Vice President Mike Pence’s invitation to Greek Prime Minister Alexis Tsipras to visit the White House “in the near future,” although good news on the one hand, raises some fundamental questions, which we are obligated to bring to your attention.
Regardless of whether or not one supports Tsipras, this issue, the visit of a Greek Prime Minister to the White House, can only be seen from a purely national aspect.
First of all, let us recall a few things we must keep in mind: through this newspaper, I have often criticized the fact that although the new administration is in quite close contact with the Turkish government, it requires numerous requests from Greece to schedule a telephone appointment between the president and the prime minister, as well as for a very brief meeting at NATO.
Contrarily, the president has already invited the Turkish president to the White House and recently met with him at the G20 summit, while the secretary of state has visited Turkey twice, but did not consider it useful to stop over in Athens, even for just a few hours, in the interests of balance between the two countries.
Meanwhile, the Cypriot president visiting the White House (June 6) before the Greek prime minister (not as yet) in a new administration is unprecedented.
Second, the takeaway from the conversation between Pence and Tsipras reveals that the Greek prime minister has only been invited to meet with the vice president, not with President Trump. In other words, the same that happened with Cyprus President Nicos Anastasiades.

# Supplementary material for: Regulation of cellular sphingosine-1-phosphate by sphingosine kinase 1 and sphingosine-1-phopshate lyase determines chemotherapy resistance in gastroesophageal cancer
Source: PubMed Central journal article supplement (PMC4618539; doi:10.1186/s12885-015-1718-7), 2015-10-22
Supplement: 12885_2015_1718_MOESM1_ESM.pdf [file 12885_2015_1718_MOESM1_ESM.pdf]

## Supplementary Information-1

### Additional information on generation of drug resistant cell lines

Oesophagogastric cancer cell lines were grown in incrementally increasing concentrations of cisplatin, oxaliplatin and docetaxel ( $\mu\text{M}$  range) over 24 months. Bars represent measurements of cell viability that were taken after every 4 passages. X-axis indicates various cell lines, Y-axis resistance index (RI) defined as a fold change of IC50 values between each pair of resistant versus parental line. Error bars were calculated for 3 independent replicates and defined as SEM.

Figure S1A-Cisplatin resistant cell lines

But if that happens, it would be an unacceptable, offensive degradation of Greece and the Greek prime minister, and should not be tolerated.
So, should the prime minister perhaps accept Pence’s invitation only after ensuring a meeting with the president?
Third, invitations to the White House, the most supreme of all invitations, are extended to heads of state and government for two main reasons: as a reward for the work carried out by a head of government on issues of foreign policy, or because the U.S. authorities believe that an invitation to the White House, in the overall atmosphere that is created, may likely secure an agreement on something which is in America’s interest.
In this case, the first reason probably does not apply. Tsipras has not shown any success in matters of foreign policy.
Thus, the second reason applies. But what is the national issue for which Tsipras need a little push in order to agree? Perhaps the agreement on the Souda base, on Cyprus, on the petroleum, or the FYROM name dispute?
Lastly, I characterized Tsipras’ invitation to the White House as “good news” on the one hand for the following reason: because if it happens, it would constitute a public, evident “reconciliation” of the so-called Left with America, which will help to further separate Greek foreign policy from domestic politics, to Greece’s benefit.